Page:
(One of those others is, of course, “another way of knowing,” which we’ll talk about soon.)

So when wingnuts need to assess a new claim, the only way they have of doing it is to compare it to the other claims they’ve already accepted as true. If it generally fits in with that established framework of precedence, then it is in. And it doesn’t even need to fit exactly. All it needs to do is sound close enough — and somehow make the wingnuts feel good about adopting it as a true claim. If it doesn’t fit well enough, then wingnuts can bash it into place through bellowing and sheer bravado.

This is why Christians have so much trouble convincing other Christians they’re wrong.

None of them use anything objective to judge claims and ideas, so none of them respect the processes that lead others to objective truth discovery. So once one of them thinks they’ve figured out DA TROOF, nobody can convince them otherwise unless they argue extremely well or know about oneupsmanship in wingnut tribes.

The Tail Wagging the Dog.

In a lot of ways, Rodney Howard-Browne was the perfect man to spearhead a new and major movement within fundagelicalism. Not only did he know very well how to speak persuasively, but he also figured out how to out-wingnut a tribe full of fellow wingnuts:

Get in front of them by pushing the envelope constantly.

Win their eternal game of More Hardcore Than Thou.

His tribemates had always noted him as being particularly persuasive. Well, he only got better and better at preaching. As long as his ideas stuck to the general shape fundagelicals already accepted, all he had to do was figure out ways to look more hardcore and dedicated and fanatical than the rest of the tribe — and they’d follow along in his wake to get a bit of what he had.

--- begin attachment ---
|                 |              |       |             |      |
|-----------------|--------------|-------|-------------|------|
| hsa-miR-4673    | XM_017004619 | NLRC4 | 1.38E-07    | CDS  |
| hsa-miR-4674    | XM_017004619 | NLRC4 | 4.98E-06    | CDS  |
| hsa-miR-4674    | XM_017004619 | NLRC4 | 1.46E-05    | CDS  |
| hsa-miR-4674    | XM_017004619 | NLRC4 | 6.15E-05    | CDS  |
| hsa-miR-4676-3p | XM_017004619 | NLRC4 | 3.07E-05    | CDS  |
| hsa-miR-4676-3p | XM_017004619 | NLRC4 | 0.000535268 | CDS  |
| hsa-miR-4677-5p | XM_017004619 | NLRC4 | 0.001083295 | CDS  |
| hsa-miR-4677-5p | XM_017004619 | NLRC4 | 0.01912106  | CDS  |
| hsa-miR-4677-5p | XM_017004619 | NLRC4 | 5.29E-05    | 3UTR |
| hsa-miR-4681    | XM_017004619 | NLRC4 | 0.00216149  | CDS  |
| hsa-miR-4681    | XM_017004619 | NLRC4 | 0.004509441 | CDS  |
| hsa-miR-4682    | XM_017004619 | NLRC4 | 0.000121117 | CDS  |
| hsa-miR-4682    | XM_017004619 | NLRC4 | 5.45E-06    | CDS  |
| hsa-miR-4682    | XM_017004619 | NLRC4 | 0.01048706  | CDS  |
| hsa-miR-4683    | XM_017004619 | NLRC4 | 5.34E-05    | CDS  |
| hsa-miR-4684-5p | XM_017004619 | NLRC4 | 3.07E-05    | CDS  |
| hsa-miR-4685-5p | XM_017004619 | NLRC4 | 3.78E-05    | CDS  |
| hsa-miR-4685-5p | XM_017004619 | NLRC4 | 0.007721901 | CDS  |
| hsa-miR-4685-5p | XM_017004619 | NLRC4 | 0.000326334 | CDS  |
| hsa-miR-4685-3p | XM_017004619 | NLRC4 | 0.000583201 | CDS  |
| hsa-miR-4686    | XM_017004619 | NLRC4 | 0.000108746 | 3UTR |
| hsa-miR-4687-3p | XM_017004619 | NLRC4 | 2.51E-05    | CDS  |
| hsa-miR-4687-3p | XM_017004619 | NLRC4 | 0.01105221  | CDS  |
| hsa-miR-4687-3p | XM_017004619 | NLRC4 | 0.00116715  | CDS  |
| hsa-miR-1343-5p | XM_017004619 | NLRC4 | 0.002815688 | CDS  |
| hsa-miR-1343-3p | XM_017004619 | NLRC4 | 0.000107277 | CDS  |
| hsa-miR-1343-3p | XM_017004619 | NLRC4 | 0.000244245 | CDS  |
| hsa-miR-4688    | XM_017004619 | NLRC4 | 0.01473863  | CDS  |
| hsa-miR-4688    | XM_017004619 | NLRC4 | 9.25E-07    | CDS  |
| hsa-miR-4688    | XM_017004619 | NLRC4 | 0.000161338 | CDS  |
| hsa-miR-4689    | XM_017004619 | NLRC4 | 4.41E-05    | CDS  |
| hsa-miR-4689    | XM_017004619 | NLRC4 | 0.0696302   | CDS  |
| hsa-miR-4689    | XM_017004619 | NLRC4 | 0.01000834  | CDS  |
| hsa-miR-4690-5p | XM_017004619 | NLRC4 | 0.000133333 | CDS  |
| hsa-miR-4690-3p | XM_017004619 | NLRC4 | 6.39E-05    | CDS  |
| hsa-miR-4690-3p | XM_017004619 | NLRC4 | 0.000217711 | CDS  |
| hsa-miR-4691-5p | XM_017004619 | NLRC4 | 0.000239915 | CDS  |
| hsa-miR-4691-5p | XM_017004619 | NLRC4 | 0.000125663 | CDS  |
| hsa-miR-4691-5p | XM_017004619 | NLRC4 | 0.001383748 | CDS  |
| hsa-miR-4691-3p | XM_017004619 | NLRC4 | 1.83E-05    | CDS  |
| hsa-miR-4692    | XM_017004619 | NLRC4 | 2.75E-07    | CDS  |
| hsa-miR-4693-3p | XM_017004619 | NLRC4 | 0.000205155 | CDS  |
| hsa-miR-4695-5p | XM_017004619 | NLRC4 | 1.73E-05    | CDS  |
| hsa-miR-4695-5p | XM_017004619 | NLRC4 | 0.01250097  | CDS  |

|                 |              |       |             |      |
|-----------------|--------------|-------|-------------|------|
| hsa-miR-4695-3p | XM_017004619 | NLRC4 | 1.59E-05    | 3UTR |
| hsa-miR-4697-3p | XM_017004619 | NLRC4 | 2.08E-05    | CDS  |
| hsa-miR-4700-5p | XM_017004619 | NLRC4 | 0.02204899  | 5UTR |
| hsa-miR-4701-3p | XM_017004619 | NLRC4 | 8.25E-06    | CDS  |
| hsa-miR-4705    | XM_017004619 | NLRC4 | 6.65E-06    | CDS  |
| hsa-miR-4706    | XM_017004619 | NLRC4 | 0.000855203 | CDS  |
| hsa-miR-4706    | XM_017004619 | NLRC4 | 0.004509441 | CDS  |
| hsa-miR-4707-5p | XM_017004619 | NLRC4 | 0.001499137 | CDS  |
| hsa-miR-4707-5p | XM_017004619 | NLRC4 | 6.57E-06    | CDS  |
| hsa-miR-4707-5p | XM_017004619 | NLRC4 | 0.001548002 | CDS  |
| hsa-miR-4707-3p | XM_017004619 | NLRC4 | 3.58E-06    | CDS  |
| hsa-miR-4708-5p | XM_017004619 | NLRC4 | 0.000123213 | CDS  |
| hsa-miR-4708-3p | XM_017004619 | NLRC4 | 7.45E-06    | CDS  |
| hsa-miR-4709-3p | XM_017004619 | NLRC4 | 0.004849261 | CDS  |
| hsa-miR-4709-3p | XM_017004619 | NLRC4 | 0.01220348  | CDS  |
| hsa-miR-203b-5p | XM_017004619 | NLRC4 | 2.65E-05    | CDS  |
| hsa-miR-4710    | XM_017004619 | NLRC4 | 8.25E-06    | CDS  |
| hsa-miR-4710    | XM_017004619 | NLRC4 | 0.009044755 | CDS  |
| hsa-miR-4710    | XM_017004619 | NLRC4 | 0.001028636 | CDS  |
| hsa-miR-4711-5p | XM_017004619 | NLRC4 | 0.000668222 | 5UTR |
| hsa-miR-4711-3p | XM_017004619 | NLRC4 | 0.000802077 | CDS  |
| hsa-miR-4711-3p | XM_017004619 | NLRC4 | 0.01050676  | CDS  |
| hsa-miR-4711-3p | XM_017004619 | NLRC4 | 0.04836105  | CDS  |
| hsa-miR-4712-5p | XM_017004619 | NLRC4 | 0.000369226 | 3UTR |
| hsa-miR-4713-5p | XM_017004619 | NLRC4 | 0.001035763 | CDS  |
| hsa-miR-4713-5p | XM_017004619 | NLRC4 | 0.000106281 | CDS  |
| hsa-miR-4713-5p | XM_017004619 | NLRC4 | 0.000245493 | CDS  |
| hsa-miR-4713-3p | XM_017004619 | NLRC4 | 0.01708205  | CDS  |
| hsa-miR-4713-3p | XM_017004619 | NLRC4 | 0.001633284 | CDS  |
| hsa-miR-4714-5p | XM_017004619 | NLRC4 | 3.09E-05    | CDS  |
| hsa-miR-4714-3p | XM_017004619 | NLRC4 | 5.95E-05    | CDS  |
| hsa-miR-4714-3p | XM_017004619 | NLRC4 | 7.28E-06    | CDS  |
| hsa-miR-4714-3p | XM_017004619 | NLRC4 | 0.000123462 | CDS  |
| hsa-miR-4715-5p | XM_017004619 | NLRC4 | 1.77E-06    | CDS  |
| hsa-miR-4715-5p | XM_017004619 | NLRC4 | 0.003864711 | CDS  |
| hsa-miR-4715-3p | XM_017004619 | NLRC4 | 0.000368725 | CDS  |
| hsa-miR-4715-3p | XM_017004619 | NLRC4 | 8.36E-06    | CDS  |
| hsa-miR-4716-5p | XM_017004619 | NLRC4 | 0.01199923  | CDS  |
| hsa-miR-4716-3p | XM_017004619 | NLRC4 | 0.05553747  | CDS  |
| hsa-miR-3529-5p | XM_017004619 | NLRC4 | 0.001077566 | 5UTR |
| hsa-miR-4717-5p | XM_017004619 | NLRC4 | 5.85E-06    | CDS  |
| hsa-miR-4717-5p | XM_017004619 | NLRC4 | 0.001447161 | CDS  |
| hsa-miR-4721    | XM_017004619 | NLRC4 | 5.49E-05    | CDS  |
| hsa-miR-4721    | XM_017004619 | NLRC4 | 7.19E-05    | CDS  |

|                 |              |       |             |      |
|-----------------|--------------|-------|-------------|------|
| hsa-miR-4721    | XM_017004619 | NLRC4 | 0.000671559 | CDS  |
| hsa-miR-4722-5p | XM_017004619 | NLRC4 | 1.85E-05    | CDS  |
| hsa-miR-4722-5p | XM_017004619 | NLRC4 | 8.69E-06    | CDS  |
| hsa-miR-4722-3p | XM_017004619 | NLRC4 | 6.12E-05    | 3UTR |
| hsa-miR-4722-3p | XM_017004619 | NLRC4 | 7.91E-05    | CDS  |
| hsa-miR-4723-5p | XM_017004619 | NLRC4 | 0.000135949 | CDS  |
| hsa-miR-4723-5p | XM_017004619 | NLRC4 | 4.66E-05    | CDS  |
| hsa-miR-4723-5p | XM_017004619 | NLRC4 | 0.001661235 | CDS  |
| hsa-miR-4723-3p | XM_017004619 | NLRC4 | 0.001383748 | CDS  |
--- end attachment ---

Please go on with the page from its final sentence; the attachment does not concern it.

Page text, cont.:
But as we saw with Kenneth Copeland, this reindeer game has a really bad downside, and I’ve got to all-caps us here because this is critically important:


Momentum Is Everything.

In wingnut tribes, momentum is everything.

Once someone who’s winning the wingnut game stops to smell the roses — or, more likely, is ejected from the board like Mark Driscoll, Ted Haggard, and numerous others have been — then the game is effectively over for them forever. They won’t ever be able to step back up to the board and take up their former position leading the tribe.

Oh, they’ll slink back into ministry because they must, because they’re useless for anything else, because they’re certainly not gonna go get real jobs after tasting the forbidden fruit of money for nothin’ and chicks for free. But their former glory is almost always gone.

Very few pack-leaders take their L and ever return to the front of the pack.

Jim Bakker’s trying, bless his cotton socks, as is Benny Hinn (another name inextricably tied up in the Toronto Blessing). Mark Driscoll tried very hard as well. But very few struggle back into their former thrones.

Seeking the ANGLE.

Even if fundagelical leaders don’t get caught up in scandals, they can’t ever rest on their mattresses filled with money. They have to keep publishing terrible self-help books, giving lectures/sermons, giving shockingly inhumane sound bites to roving minicam news crews, and participating in tedious “debates” with their tribal enemies.

If they want to keep rolling in money and gaining power and influence year by the year, they must keep pushing the envelope of wingnut beliefs.

No matter how wingnutty someone in the tribe gets, there’s always another up-and-comer who can out-wingnut them who’s searching for the new ANGLE, the next crazy.

Bringing It All Together.